Coincidence In Romeo And Juliet

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Although fate as coincidence plays an important role in the play, Romeo and Juliet are doomed by their own actions. Actions which were done without thought and done impulsively can have many consequences. Yes, Romeo and Juliet’s actions were done without any consideration, and they paid a price for it – death. Firstly the killing of Tybalt, secondly falling in love and getting married quickly, and lastly the fact that they killed themselves lead them to their tragic end. Killing Tybalt was a foolish decision of Romeo’s. At first when Tybalt fights with Romeo, Romeo refuses to fight as he knows that Tybalt is his family after his marriage to Juliet. Mercutio dies which makes Romeo angry with Tybalt and he starts fighting with Tybalt, causing…show more content…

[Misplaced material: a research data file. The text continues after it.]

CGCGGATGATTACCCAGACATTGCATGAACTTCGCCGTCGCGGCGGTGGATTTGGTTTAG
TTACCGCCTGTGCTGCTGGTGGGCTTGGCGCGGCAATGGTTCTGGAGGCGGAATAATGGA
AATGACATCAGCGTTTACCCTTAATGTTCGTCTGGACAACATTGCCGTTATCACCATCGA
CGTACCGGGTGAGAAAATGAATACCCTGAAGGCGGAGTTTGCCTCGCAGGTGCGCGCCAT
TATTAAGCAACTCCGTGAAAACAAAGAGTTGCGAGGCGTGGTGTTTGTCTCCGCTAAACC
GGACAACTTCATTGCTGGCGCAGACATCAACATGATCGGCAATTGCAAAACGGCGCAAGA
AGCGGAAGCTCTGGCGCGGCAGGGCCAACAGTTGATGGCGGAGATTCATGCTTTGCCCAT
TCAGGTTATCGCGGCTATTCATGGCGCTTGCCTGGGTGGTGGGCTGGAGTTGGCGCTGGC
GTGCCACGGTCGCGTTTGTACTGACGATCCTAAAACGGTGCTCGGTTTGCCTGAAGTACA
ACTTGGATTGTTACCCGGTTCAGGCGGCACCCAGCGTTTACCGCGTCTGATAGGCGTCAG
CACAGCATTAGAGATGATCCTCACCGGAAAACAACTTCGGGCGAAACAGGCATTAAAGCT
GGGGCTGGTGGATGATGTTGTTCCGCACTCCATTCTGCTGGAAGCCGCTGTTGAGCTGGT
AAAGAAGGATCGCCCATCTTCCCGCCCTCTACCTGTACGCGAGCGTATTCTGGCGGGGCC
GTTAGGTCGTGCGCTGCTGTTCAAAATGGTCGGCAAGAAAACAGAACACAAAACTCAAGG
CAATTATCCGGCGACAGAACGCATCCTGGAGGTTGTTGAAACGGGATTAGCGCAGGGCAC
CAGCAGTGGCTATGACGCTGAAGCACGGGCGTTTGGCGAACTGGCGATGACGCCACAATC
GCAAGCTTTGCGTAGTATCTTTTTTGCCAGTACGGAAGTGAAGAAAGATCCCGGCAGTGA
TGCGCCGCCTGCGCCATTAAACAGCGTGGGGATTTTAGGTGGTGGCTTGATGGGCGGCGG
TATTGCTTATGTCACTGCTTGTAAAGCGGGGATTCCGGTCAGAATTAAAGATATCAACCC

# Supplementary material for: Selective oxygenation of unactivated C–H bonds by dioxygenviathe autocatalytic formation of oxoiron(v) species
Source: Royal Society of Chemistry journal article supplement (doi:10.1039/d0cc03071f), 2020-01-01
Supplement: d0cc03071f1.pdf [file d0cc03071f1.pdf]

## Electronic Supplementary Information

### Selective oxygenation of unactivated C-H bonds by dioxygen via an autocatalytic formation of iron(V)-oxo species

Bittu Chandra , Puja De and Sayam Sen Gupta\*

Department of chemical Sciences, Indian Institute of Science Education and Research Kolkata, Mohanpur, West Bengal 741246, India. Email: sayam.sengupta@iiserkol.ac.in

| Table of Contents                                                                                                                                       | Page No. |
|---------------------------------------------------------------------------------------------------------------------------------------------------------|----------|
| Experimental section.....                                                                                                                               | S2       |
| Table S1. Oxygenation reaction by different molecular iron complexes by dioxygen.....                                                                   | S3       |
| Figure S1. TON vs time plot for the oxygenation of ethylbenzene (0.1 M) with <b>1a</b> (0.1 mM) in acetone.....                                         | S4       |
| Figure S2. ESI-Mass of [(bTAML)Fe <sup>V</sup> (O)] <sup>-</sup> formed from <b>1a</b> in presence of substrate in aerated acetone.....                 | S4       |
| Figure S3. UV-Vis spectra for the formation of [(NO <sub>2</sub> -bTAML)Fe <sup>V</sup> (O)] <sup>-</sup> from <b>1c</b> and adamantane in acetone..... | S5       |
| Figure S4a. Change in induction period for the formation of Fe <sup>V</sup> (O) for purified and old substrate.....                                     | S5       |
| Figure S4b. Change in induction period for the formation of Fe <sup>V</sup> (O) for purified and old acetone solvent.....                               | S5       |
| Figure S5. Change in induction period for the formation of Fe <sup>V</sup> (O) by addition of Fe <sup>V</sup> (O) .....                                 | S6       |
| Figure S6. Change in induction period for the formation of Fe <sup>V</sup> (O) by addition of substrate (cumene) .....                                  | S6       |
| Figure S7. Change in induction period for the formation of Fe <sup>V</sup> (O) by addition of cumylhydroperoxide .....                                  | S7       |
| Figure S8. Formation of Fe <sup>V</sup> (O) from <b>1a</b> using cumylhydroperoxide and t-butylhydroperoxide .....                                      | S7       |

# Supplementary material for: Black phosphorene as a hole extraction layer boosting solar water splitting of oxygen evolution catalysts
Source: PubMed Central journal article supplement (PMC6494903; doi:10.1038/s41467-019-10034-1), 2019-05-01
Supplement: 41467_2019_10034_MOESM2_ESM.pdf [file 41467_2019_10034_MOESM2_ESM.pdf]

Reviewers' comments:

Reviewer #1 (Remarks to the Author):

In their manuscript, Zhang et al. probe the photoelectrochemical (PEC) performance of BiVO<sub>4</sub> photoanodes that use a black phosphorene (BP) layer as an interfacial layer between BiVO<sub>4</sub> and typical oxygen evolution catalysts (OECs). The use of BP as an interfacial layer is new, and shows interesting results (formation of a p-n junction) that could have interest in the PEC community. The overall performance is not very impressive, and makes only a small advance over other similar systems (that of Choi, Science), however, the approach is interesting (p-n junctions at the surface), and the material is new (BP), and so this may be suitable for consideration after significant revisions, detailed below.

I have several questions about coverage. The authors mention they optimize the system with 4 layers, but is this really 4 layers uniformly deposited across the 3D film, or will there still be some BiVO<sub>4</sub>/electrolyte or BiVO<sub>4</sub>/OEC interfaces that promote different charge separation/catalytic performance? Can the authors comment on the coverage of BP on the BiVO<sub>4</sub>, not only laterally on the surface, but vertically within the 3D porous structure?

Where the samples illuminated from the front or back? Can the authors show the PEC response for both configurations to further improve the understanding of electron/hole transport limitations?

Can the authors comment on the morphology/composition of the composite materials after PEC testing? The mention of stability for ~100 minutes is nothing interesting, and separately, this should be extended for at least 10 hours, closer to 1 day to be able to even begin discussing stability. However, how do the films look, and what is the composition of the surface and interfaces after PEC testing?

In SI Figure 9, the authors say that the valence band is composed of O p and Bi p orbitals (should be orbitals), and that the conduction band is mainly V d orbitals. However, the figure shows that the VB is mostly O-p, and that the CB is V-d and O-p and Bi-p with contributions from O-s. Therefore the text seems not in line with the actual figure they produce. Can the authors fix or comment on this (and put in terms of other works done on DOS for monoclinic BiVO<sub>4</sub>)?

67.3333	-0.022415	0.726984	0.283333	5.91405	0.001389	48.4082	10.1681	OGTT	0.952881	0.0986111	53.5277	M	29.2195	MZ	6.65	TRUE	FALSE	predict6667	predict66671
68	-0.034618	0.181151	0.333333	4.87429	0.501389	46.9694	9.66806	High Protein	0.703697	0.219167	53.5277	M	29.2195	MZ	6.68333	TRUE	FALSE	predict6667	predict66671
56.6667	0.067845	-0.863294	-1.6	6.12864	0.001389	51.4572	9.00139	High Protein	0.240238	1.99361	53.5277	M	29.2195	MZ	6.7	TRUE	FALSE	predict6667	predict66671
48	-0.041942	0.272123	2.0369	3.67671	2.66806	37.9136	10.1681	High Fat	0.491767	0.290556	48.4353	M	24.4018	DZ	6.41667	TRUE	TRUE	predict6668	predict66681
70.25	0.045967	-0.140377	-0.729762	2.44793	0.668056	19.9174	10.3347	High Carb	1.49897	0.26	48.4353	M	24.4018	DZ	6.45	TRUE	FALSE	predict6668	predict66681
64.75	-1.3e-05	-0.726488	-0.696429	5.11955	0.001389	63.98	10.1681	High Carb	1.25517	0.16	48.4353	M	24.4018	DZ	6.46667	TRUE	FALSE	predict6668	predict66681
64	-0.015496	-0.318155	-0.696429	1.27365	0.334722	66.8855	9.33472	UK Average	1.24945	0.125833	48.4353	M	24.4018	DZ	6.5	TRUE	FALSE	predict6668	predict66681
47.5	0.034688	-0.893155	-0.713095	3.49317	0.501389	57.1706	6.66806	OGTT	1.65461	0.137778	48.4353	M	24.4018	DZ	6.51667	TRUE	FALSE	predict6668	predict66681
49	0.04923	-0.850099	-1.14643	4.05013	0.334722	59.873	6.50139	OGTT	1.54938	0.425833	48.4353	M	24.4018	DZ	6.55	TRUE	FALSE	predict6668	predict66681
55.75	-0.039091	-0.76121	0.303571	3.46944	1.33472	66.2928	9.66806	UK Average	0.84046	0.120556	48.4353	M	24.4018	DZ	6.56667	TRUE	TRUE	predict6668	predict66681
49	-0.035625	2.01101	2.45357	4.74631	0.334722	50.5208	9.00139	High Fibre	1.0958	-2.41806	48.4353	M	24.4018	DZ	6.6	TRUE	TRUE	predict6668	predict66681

Romeo had killed himself, because he thought Juliet was dead, if he had not taken that action, he would have seen Juliet wake up. Furthermore Romeo had bought poison from Mantua. This shows that he had already planned to kill himself. “Let me have A dram of poison, such soon-speeding gear As will disperse itself through all the veins that the life-weary taker may fall dead, and that the trunk may be discharged of breath as violently as hasty...” (Act V, i, 61-64), was what he said to a poor apothecary. Here’s to my love! O true apothecary, thy drugs are quick. Thus with a kiss I die,” (Act V, iii, 119-120) were Romeo’s last words. “Yea, noise? Then I’ll be brief. O happy dagger, this is thy sheath. There rust and let me die. “(Act V, iii, 167-170), were the final words of Juliet. Romeo and Juliet caused their own doom by killing themselves. Romeo and Juliet may have been lovers meant to be, but they didn’t last due impulsive actions of their own. If Romeo hadn’t killed Tybalt, or if they just taken some time to see if they were really in love and they were ready to get married and furthermore if they hadn’t killed themselves this play wouldn’t have been such a tragedy. All these actions were easily preventable, and avoidable. If only Romeo and Juliet had taken the advice of Friar Laurence, and thought more wisely and took smaller step they surely wouldn’t have stumbled. Indeed, “These violet delights
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